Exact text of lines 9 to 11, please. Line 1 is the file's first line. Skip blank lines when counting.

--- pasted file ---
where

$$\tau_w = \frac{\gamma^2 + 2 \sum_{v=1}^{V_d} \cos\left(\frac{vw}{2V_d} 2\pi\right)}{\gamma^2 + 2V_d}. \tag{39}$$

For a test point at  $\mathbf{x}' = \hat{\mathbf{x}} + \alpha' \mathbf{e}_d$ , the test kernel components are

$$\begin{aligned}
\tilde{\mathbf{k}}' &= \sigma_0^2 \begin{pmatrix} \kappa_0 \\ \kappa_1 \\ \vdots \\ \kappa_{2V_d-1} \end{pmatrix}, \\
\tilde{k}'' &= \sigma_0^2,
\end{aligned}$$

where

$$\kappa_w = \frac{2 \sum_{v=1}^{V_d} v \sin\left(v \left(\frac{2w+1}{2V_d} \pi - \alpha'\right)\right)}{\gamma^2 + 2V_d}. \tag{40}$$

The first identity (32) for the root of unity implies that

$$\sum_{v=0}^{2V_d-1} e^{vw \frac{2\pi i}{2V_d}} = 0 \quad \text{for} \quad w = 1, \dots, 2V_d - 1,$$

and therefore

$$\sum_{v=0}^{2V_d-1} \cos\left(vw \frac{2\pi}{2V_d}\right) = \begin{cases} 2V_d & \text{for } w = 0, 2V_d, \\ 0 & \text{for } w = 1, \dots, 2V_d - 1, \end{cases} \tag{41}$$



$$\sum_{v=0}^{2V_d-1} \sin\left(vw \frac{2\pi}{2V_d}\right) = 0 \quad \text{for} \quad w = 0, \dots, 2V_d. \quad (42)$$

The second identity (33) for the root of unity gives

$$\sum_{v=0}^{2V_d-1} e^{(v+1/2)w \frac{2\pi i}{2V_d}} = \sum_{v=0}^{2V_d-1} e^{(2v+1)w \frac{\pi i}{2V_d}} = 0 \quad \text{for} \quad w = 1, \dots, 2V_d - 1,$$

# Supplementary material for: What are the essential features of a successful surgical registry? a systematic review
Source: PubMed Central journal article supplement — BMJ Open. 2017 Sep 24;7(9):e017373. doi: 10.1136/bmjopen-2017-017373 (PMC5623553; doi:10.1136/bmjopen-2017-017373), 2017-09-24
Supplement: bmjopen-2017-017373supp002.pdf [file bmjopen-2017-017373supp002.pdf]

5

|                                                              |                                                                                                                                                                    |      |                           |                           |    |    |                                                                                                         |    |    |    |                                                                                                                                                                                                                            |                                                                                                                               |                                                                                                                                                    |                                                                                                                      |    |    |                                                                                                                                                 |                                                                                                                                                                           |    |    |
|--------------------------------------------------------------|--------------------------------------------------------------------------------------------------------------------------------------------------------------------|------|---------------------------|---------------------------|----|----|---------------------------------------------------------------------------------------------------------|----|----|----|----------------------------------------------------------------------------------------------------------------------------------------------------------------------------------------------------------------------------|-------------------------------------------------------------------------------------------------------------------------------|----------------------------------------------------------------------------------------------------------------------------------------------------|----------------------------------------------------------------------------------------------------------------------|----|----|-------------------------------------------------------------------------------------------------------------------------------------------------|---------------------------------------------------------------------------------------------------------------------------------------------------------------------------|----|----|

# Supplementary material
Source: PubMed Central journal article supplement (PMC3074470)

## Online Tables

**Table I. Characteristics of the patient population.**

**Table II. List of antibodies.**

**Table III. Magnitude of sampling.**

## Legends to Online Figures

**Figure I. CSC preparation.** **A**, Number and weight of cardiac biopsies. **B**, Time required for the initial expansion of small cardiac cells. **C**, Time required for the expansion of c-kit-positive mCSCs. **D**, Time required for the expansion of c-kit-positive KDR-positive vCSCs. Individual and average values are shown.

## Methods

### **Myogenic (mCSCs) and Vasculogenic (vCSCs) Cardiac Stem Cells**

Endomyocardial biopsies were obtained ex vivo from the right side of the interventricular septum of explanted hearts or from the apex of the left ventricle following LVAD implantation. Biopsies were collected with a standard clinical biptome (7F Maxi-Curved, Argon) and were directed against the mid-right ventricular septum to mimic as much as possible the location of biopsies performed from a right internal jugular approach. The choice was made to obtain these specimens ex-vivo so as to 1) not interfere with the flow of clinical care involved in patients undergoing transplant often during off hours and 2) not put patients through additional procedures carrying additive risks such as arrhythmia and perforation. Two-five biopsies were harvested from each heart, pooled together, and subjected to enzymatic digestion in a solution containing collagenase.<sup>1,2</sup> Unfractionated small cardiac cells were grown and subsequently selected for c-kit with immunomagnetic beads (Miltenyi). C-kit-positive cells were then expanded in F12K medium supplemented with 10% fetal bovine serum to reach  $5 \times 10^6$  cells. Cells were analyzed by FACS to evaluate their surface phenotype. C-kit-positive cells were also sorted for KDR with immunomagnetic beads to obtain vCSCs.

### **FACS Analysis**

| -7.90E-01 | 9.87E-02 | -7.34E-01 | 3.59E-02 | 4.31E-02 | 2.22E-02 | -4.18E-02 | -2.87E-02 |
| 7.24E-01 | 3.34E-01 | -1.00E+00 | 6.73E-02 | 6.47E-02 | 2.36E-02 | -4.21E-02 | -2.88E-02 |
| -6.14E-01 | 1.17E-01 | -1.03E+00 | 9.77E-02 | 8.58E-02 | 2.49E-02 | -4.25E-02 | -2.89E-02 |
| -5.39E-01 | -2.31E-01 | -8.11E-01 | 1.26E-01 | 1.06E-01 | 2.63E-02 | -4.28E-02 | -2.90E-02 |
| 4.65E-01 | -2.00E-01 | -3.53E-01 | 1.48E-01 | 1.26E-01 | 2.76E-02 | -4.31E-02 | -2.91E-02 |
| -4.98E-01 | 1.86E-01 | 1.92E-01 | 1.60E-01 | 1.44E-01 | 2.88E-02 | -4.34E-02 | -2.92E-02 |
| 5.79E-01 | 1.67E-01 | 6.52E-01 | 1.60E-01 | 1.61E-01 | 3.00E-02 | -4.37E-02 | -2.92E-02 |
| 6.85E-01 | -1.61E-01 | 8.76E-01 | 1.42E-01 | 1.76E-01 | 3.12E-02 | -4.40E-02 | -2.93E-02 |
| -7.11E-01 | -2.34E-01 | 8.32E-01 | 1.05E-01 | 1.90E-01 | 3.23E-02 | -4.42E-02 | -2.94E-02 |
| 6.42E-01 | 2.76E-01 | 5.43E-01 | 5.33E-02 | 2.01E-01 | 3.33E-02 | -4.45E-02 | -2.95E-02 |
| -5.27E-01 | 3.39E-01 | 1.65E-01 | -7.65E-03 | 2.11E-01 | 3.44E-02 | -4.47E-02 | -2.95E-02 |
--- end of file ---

$$\kappa_w = \frac{2 \sum_{v=1}^{V_d} v \sin\left(v \left(\frac{2w+1}{2V_d} \pi - \alpha'\right)\right)}{\gamma^2 + 2V_d}. \tag{40}$$

The first identity (32) for the root of unity implies that

$$\sum_{v=0}^{2V_d-1} e^{vw \frac{2\pi i}{2V_d}} = 0 \quad \text{for} \quad w = 1, \dots, 2V_d - 1,$$